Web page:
Although the majority of New Jerseyans, from royal governor William Franklin to small farmers, were opposed to taxes imposed by the British parliament, many were reluctant to engage in armed rebellion and remained loyal to Britain during the Revolutionary War. New Jersey’s Loyalists came from all levels of society, from large landowners to farmers, artisans and slaves; their loyalty was based on a variety of economic, political, religious and personal reasons. British sympathy in the New Jersey became starkly apparent as the enemy drove George Washington’s army across the state in 1776. Many Jerseymen signed oaths of loyalty to the invaders and Loyalist counter-revolutionaries rose up to take over Upper Freehold Township.
The New Jersey Loyalist leadership included Governor Franklin, son of Patriot leader Benjamin Franklin, Attorney General Cortlandt Skinner and other prominent prewar political figures, who raised loyalist soldiers to fight alongside the British. The New Jersey Volunteers, a noted Loyalist regiment, was organized and commanded by Skinner. One estimate is that 3,500 New Jersey men served in Loyalist units during the Revolution.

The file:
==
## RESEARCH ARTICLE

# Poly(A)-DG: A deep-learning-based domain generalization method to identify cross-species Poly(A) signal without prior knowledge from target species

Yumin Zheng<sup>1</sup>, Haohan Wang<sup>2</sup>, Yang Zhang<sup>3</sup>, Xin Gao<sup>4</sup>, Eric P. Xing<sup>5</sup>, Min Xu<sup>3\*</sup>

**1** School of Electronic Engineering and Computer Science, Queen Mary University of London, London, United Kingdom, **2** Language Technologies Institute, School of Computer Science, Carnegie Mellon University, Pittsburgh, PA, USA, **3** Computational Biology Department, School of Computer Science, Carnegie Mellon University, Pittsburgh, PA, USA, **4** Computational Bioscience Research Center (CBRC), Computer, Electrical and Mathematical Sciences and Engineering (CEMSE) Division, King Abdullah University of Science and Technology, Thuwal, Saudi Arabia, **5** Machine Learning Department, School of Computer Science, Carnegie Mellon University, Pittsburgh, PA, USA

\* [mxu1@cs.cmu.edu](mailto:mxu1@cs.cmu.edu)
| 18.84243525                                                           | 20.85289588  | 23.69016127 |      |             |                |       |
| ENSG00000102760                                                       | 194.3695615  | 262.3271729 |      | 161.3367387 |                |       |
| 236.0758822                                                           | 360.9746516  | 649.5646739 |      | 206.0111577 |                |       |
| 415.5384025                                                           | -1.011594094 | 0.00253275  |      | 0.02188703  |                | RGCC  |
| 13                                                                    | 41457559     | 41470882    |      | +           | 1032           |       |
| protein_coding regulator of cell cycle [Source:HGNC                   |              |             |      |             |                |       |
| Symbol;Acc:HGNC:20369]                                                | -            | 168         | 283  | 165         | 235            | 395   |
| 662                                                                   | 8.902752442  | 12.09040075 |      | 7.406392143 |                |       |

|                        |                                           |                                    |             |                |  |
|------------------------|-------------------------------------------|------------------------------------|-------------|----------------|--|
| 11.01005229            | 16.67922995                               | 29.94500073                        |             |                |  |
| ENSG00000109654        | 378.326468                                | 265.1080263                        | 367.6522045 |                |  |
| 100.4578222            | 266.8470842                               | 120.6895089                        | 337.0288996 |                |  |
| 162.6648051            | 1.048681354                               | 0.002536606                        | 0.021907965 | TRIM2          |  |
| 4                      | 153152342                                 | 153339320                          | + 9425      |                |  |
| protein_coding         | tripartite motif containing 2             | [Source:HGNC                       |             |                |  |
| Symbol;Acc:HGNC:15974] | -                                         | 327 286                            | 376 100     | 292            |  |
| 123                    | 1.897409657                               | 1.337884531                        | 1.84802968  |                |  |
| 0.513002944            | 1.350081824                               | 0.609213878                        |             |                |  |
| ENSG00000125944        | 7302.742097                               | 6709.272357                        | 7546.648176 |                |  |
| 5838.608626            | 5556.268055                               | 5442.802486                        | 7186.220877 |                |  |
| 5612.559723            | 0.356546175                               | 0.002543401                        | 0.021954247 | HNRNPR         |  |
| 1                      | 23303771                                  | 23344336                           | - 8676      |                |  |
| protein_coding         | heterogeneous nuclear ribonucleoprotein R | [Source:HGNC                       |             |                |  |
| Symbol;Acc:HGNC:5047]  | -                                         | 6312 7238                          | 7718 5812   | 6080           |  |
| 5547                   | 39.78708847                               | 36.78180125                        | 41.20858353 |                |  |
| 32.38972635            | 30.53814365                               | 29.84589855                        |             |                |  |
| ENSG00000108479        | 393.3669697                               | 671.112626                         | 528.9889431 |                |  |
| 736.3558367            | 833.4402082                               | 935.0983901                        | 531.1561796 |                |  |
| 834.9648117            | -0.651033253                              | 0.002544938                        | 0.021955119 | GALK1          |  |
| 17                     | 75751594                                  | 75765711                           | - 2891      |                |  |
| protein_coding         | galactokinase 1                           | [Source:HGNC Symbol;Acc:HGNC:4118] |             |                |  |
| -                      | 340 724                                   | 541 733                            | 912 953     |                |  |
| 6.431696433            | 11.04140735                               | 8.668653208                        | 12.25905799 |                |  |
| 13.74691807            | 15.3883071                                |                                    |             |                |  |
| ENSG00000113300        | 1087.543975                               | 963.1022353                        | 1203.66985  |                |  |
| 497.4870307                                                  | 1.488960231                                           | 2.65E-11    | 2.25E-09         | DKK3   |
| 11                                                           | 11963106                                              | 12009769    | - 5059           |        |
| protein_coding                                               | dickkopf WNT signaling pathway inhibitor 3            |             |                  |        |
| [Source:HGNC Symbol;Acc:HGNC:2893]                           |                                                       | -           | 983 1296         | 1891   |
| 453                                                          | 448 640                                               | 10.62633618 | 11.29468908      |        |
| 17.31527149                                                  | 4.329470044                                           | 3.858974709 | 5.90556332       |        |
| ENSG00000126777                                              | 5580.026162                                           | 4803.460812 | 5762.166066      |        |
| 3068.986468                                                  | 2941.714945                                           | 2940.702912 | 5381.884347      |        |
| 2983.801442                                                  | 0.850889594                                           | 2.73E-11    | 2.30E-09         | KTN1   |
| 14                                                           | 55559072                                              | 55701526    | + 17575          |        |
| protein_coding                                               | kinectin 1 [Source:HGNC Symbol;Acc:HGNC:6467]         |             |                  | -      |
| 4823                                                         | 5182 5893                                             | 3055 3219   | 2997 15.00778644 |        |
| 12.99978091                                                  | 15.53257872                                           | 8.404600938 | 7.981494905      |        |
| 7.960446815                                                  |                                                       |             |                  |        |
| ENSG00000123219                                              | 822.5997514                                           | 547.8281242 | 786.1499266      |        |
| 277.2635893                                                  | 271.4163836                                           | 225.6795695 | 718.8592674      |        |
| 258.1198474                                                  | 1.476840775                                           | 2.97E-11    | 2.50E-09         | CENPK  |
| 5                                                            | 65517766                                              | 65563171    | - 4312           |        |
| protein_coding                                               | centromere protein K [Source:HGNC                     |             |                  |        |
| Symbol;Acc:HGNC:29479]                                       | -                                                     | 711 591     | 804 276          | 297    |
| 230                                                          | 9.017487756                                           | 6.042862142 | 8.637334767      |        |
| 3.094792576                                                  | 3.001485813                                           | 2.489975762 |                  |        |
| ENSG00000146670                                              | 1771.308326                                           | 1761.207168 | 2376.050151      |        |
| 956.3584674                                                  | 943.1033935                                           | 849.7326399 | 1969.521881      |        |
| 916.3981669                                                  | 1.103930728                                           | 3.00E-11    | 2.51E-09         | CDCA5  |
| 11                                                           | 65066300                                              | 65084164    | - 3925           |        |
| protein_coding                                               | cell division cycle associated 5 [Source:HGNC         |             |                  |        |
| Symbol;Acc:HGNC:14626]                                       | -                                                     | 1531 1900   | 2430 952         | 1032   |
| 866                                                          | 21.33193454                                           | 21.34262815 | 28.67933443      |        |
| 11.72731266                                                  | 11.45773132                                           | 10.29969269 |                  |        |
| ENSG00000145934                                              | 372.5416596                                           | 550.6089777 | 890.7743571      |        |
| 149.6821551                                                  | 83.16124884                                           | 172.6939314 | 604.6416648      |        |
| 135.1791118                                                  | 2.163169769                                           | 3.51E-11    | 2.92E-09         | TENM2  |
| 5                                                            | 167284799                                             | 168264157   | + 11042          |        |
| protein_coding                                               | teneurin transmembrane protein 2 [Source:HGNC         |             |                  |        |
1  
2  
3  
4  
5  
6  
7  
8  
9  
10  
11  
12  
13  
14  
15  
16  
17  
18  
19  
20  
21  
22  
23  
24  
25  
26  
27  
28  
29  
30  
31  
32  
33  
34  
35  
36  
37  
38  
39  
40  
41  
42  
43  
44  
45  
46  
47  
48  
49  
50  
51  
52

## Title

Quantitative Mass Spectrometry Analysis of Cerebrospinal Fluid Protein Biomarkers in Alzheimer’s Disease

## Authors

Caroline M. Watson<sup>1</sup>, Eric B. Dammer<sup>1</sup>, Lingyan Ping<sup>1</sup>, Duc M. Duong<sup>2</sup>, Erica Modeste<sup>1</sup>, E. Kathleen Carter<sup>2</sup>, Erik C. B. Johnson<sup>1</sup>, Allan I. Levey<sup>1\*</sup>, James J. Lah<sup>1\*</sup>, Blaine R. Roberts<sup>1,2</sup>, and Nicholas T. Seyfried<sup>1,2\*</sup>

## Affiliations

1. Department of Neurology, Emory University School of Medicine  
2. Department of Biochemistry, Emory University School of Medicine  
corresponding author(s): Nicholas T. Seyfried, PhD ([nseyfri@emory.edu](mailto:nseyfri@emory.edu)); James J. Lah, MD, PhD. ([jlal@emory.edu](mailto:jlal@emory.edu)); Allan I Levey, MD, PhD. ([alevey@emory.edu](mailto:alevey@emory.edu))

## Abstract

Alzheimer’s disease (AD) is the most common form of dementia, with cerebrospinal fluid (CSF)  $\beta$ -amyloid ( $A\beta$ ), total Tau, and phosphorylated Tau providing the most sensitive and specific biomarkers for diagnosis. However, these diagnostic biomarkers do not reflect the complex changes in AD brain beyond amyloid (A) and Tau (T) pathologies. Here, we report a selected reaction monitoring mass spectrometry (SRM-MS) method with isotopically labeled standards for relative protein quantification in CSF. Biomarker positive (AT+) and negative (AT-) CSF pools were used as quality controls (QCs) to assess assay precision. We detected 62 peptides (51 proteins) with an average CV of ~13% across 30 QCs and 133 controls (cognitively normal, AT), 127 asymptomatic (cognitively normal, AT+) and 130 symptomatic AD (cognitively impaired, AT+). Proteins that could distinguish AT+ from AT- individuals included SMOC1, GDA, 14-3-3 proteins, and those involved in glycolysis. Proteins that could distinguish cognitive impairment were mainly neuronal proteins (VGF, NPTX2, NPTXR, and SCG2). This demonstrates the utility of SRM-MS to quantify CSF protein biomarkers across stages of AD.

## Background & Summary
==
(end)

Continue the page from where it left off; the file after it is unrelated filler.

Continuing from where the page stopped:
While some New Jerseyans, like the men of the New Jersey Volunteers, fought alongside the British army in formal campaigns, others engaged in attacking their former neighbors along the coast and the New York border from bases in New York City, Staten Island and Sandy Hook. Still others took to the wilds of the Pine Barrens, where they hid between raids on Patriot farms. Loyalist troops pushed into Monmouth County and fought patriot militia and Continental troops in Shrewsbury, Middletown and Colts Neck. Some raiding parties were led by “Colonel Tye,” an African American guerilla leader formerly enslaved in Monmouth County.
In New Jersey, the Revolution became a civil war, pitting neighbor against neighbor. Patriot Captain Joshua Huddy was hanged at Highlands in retribution for the shooting death of Loyalist Philip White, and vigilante activity was common to both sides. Patriots confiscated Loyalist property and jailed or tarred and feathered British sympathizers, and the war produced a good deal of residual bitterness. At the close of the conflict most New Jersey loyalists fled to Britain or Canada.